Business Overview

Bars make for a good business idea in part because they are a staple of just about every community. Obviously, bars primarily focus on serving alcohol, but the rise of America's fascination with “pub grub” means there may be an opportunity to provide delicious food to patrons as well. Finally, bars provide an opportunity to show off your creativity by creating a unique theme and atmosphere that helps your business stand out from the rest.

Who is this business right for?

This business is a good fit for entrepreneurs who are passionate about their work. Those who love interacting with people will thrive on a business that revolves around customer interaction, and those who are good at networking will be able to more quickly jump-start their businesses. Finally, those with previous management experience will have an easier time with the day-to-day activities of a bar owner.

What happens during a typical day at a bar?

Running a bar entails many different duties, though their exact order will vary from day to day. The job often involves navigating a net of legal requirements related to selling alcohol, as well as local ordinances which may impact your business.

Staff management and training is also very important, as your staff represents the face of your business, and your entire reputation stems from the quality of the customer service you provide.

Another major duty is stock control, as this helps to ensure you are not overstocking or understocking, both of which can negatively impact your profits. Determining new drinks to stock and developing custom cocktails for your business should also be part of this process.

Finally, you will need to interview and hire additional personnel as needed. When your business is just starting out, you will likely be the primary person responsible for all of the cleaning and light maintenance work of your bar. Though, you shouldn't hesitate to call in professionals for costly equipment breakdowns and anything that could affect the health of your patrons.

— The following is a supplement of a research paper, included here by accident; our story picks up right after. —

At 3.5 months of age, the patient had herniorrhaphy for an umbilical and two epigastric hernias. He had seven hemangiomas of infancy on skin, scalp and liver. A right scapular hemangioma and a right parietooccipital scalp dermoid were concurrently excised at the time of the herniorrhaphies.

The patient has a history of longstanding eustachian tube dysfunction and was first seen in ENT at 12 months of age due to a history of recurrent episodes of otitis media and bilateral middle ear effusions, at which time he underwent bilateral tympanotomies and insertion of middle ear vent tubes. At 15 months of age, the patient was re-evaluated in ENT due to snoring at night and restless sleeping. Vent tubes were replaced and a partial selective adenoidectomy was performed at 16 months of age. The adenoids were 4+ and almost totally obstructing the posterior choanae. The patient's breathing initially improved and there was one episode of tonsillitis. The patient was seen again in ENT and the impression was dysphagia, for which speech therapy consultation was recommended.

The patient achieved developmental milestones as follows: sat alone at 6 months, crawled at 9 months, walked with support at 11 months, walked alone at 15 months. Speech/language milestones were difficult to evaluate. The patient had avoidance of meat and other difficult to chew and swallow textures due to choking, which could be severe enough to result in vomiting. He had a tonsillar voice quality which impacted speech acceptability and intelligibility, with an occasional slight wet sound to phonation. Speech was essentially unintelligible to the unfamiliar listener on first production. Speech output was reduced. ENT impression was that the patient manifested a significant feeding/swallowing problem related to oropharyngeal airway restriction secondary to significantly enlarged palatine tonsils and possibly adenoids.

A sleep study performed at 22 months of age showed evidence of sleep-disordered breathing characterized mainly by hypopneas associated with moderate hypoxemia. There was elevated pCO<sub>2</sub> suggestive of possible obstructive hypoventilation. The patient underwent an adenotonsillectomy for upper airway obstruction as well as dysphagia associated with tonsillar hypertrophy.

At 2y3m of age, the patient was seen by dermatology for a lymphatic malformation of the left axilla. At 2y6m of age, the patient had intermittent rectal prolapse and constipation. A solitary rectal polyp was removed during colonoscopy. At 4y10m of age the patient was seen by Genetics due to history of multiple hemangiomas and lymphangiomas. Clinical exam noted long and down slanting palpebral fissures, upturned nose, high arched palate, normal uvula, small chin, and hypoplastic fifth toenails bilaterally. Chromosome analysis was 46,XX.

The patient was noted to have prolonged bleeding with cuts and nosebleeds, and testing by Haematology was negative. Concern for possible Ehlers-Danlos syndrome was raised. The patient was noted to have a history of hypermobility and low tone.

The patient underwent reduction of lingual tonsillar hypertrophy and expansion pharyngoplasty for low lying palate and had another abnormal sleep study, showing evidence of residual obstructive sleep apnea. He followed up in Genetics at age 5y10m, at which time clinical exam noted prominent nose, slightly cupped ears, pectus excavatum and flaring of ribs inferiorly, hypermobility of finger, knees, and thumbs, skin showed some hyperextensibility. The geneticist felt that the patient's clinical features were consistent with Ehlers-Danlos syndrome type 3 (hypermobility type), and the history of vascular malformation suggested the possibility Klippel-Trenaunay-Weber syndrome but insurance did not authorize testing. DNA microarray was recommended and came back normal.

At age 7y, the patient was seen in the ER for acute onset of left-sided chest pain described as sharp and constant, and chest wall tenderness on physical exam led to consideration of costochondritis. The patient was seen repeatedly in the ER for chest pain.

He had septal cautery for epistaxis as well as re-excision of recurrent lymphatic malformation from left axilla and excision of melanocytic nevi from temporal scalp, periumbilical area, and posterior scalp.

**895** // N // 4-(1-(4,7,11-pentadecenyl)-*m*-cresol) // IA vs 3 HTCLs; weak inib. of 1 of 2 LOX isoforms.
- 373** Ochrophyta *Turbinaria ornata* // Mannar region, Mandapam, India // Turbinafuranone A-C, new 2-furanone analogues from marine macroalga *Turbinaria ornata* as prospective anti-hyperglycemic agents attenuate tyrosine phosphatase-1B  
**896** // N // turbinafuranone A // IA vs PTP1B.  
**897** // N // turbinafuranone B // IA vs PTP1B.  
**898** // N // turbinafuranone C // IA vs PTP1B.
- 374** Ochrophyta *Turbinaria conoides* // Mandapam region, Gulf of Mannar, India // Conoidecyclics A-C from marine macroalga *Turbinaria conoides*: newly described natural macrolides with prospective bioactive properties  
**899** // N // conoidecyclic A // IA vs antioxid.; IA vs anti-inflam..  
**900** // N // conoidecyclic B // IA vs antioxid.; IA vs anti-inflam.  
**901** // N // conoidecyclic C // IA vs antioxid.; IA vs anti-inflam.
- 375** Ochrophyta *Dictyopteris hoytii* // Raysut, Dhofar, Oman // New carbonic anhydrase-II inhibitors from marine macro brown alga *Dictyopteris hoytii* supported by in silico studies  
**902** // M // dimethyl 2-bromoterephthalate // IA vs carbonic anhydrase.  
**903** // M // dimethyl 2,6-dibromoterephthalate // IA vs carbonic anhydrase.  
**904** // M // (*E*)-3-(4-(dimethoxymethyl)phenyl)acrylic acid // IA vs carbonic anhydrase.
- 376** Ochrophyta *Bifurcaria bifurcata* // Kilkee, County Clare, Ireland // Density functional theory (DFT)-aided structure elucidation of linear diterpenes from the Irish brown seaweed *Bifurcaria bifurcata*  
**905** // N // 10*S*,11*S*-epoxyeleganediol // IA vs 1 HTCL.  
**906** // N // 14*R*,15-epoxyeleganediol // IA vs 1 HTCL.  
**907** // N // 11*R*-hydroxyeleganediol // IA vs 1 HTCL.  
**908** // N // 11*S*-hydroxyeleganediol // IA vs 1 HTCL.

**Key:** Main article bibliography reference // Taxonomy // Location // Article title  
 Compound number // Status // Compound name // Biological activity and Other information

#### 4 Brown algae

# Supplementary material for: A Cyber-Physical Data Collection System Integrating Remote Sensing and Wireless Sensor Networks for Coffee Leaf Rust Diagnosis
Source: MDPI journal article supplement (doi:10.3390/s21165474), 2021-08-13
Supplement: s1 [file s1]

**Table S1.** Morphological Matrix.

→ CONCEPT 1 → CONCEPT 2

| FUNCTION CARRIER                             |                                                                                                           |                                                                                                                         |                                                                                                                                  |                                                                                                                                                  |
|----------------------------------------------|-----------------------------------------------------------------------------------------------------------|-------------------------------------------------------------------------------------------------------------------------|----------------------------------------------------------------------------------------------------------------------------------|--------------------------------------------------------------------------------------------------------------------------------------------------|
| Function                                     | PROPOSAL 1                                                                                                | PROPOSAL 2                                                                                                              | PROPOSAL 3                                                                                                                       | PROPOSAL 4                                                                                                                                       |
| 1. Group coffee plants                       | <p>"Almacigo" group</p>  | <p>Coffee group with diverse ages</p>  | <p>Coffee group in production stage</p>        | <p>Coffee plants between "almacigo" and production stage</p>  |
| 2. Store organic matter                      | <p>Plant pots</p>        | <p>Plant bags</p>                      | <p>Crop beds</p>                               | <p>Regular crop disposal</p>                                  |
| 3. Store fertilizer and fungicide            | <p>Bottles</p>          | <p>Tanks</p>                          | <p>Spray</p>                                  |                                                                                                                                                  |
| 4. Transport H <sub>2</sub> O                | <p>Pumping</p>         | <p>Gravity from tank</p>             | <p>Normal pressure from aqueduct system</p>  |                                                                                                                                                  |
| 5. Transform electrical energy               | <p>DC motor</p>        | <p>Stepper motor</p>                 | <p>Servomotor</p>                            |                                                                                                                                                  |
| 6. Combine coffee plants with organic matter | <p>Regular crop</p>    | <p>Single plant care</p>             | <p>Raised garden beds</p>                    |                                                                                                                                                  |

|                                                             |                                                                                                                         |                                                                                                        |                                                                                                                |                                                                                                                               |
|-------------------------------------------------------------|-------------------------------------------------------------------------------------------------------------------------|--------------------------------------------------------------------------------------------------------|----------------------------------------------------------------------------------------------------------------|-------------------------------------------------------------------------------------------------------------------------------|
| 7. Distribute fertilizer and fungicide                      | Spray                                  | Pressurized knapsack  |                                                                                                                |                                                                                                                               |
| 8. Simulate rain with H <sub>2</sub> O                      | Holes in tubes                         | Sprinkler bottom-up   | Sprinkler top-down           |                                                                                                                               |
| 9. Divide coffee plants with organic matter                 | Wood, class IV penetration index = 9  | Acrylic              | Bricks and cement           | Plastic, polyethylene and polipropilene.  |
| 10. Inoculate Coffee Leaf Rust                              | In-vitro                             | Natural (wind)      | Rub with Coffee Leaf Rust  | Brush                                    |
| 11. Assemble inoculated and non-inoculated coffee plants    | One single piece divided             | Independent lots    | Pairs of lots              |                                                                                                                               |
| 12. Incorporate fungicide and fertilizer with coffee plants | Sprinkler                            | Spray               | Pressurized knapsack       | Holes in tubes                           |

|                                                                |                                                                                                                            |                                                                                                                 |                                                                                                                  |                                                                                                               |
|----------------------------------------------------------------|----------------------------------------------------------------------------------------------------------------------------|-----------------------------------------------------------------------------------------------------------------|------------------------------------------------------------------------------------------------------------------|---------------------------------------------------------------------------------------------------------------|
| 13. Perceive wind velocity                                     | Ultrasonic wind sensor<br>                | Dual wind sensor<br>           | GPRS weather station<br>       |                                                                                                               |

What is the target market?

For bar owners, the best customers are the ones who are not disruptive. Because the basic nature of a bar is to provide an environment for intoxication, owners and staff must always be vigilant for angry, disruptive, and even violent customers. The best customers tend to be those who are just casual drinkers looking to have a good time with friends. Such customers know their limits when it comes to alcohol, and they contribute to the ambiance of community engagement and fun that you are trying to generate for your business.

How does a bar make money?

The primary way that bars make money is just as simple as you'd think: selling alcoholic beverages to customers. While bars typically also offer snacks and occasional entrees, serving alcohol remains the cornerstone of how a bar generates profit. This is because you can earn 200-400% profit off of every drink that you serve, with the average price of drinks being $8. This means that once you have a steady stream of traffic, the bar can begin generating profit much sooner than other types of new businesses.

What is the growth potential for a bar?

The growth potential for a bar is tied rather directly to the economy. For instance, the industry experienced modest but steady gains as the economy recovered from the recession of 2008, after the year 2009 saw a decrease of over 9% to overall industry revenue. Since then though, the industry has often grown by over 3% each year.

Another factor impacting revenue is an increasing cultural effort to eat (and drink) more healthily. This is one of many reasons that it is important to create a niche environment with a specific ambiance designed to attract specific demographics. People are less likely to drink for the sake of drinking, but like the idea of supporting local business while also socializing with those around them, and a local bar scratches both of those itches.